Facilitator Janet Willhaus works with students.
SPOKANE, Wash. – You’re working long hours and can barely make the rent each month. Your teen daughter is in juvenile detention after she brought a weapon to school and you need to bail her out, even though you really can’t afford to. If you had a degree you could make more money, but you’ve had to drop out of college because you can’t pay for child care for your youngest.
While situations like these are an ongoing reality for some, the 48 students who participated in a recent poverty simulation exercise at WSU Spokane only lived through them for an hour.
“The point of the simulation was to help these future health care professionals understand that it’s not always easy for people to follow the medical therapies prescribed for them,” said Washington State University College of Nursing faculty member Barb Richardson. “No transportation, no child care, they can’t leave their jobs – there are a thousand different reasons.”
Learning by doing
Participants included health professions students from Washington State University, Eastern Washington and the University of Washington: future nurses, pharmacists, physical and occupational therapists, dental hygienists and physician assistants.
Each student was assigned a specific role within a “family.” Each family was given a scenario, along with play money, transportation passes and other props. The task at hand: keep everyone fed and sheltered while meeting other basic needs.
Closed, sorry, says the simulation’s
unrelenting banker, a.k.a Janet Frost,
assistant professor of education.
During simulation rounds, some students ran to be the first in line at the quick cash store to cash their checks or take out a payday loan. Others dropped their kids off at school or daycare before heading to the “general employer” to do their jobs or look for work.
Some headed to the community action center to inquire about options for assistance with housing, transportation, utilities and other expenses. And if all else failed, the pawn shop could supply much-needed cash in exchange for an appliance or jewelry.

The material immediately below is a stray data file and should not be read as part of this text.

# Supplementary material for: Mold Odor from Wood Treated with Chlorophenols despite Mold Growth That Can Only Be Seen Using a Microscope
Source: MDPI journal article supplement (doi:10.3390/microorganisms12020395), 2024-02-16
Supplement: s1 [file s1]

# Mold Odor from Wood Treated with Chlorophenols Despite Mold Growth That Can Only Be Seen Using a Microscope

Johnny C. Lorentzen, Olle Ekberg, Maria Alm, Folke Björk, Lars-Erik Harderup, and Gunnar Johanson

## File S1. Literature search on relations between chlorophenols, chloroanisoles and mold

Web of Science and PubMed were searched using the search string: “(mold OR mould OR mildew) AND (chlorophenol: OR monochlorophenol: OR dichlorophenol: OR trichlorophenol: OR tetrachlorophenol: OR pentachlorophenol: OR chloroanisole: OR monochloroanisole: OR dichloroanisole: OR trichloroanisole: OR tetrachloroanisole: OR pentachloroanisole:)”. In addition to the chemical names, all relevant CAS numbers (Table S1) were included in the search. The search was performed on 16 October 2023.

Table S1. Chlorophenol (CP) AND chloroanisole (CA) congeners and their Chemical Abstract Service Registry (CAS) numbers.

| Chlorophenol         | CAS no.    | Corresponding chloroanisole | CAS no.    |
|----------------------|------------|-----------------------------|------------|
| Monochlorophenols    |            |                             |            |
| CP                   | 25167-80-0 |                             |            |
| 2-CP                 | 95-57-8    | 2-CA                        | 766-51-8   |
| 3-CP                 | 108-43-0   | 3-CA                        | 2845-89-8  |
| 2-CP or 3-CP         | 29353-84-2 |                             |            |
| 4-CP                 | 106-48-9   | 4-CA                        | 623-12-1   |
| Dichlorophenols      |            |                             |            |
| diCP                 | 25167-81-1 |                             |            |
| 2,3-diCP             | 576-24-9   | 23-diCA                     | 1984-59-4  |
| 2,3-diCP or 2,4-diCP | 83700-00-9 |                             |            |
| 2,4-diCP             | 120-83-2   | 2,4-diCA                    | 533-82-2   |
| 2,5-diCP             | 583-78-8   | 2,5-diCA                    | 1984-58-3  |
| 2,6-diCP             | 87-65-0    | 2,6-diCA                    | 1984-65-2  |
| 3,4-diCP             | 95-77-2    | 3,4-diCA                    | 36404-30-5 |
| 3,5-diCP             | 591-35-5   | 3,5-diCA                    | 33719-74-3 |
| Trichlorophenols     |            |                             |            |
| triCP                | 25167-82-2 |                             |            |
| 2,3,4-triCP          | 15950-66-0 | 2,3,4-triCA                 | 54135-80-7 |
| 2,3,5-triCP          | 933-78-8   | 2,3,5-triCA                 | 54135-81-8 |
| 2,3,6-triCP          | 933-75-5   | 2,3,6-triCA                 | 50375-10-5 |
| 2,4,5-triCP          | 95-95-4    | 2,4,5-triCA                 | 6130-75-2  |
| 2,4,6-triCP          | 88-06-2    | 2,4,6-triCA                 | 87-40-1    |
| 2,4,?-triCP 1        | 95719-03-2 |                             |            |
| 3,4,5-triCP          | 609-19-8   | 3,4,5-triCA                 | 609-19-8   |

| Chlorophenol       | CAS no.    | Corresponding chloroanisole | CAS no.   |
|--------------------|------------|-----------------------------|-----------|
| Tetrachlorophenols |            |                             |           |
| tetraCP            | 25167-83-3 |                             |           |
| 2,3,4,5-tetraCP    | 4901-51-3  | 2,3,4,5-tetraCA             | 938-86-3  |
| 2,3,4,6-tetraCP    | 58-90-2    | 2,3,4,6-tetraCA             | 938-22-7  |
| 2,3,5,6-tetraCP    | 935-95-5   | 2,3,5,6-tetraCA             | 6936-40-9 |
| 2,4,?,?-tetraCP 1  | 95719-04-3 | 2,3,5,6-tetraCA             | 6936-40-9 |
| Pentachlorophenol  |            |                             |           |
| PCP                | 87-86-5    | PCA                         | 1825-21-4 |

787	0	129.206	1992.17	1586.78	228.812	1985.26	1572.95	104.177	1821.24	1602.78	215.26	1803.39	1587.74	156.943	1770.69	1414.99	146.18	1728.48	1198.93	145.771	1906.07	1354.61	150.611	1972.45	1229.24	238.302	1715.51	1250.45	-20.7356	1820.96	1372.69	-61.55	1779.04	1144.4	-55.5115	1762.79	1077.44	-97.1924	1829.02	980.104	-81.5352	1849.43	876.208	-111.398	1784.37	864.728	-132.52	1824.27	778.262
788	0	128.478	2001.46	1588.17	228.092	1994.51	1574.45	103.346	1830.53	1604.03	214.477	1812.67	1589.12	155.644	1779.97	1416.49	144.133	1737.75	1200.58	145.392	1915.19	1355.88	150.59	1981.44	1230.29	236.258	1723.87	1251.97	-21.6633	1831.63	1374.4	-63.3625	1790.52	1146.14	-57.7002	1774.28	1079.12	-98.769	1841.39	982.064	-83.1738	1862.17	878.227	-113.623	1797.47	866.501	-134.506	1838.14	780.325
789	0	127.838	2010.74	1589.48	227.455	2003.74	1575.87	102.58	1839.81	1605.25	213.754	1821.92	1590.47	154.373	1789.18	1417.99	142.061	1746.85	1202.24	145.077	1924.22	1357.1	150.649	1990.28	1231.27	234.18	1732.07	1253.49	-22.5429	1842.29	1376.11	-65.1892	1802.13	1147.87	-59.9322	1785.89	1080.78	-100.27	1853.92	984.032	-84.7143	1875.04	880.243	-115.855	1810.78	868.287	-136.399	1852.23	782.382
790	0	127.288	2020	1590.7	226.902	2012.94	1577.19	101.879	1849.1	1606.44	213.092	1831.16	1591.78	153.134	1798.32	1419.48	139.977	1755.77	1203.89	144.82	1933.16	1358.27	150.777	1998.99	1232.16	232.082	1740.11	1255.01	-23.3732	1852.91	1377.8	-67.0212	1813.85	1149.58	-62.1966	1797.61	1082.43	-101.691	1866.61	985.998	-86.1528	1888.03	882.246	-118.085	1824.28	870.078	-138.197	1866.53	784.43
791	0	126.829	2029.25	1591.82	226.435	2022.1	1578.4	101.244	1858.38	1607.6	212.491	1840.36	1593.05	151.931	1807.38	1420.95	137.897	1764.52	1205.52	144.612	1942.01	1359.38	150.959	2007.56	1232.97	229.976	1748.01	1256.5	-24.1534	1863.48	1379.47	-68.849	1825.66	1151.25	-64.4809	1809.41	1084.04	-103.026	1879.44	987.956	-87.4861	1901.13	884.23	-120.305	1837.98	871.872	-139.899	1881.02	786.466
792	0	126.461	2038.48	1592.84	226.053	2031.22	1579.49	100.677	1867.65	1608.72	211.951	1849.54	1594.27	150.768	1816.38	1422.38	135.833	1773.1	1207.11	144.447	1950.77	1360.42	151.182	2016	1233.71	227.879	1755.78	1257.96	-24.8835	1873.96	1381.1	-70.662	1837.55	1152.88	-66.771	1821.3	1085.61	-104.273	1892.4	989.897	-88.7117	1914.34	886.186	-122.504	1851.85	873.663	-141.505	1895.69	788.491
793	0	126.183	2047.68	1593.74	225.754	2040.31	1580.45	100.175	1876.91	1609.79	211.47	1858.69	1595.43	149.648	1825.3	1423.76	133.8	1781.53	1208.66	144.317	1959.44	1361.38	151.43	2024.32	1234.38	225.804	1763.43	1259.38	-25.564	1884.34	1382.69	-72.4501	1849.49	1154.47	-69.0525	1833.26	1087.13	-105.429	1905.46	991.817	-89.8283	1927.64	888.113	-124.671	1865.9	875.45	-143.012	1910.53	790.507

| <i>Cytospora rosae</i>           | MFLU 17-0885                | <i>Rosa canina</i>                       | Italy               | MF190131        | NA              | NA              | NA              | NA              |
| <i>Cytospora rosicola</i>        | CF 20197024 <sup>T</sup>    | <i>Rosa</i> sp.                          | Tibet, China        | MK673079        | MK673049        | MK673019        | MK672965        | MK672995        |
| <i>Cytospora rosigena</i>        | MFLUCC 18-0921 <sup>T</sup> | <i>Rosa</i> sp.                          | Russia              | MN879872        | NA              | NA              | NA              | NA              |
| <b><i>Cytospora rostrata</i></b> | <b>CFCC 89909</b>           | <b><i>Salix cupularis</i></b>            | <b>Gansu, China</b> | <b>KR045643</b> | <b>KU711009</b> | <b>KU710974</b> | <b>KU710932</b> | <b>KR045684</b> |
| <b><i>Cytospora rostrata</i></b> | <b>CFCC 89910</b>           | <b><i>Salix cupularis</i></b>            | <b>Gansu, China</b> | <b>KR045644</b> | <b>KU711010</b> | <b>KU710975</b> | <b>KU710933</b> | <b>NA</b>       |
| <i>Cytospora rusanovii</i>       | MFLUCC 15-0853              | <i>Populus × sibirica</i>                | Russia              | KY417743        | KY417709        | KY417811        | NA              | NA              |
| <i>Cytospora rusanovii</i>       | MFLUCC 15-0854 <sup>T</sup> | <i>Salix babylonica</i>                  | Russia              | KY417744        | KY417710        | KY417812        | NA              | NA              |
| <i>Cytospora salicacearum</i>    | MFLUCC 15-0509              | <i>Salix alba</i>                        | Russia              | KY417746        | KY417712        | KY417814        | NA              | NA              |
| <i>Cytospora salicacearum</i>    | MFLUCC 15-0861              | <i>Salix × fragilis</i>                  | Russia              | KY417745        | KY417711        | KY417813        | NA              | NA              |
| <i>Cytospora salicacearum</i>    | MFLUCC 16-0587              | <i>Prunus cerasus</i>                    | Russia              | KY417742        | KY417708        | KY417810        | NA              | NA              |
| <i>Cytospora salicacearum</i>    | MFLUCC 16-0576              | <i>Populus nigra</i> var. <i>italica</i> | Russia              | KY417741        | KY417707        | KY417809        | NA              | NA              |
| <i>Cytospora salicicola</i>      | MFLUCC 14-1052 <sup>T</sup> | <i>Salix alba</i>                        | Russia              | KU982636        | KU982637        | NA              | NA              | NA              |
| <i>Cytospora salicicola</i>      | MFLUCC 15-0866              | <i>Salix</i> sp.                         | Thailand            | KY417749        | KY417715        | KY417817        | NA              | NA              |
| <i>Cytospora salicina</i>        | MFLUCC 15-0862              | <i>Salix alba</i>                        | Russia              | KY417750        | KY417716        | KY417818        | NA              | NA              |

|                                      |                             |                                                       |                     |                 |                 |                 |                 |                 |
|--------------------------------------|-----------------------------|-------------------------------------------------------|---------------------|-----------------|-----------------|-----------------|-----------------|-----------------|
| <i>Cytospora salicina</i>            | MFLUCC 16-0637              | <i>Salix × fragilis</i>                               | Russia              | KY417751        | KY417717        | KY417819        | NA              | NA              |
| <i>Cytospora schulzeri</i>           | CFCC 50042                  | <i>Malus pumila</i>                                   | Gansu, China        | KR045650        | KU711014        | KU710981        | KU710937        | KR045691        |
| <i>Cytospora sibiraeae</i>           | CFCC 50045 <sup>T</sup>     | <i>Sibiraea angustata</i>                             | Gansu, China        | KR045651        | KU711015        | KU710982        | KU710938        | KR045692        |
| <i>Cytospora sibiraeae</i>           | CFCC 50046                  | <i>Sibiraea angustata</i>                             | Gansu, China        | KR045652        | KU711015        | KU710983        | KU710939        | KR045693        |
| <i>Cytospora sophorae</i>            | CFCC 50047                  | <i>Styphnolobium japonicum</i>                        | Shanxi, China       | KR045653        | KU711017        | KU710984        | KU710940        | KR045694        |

Getting familiar with referral services
After the exercise, students talked about their experiences and what they had learned. “Stressed” and “frustrated” were some of the words they used to describe how the simulation made them feel.
Students also learned about the various community services offered in Spokane.
“A lot of students aren’t aware of what services might be available in the community,” said nursing Ph.D. candidate Janet Willhaus, who served as a facilitator. By including service providers as part of the exercise, she said, students get to know local resources that they will be able to refer their future patients to.
More simulations planned

Police officer Phil Woodford, a
graduate student in criminal justice,
patrols the neighborhood looking
for offenders.

Richardson said the exercise was well received by everyone who participated. She plans to organize a poverty simulation event at least once a year for an interprofessional group of students.

Faculty from several programs were looking into the possibility of making the exercise a required assignment for their students, she said.
Known as the Community Action Poverty Simulation, the exercise was developed by the Missouri Association for Community Action as a copyrighted tool to promote a greater understanding of poverty. The Spokane simulation was sponsored by the Riverpoint Interprofessional Education and Research (RIPER) student group, which is directed by Richardson.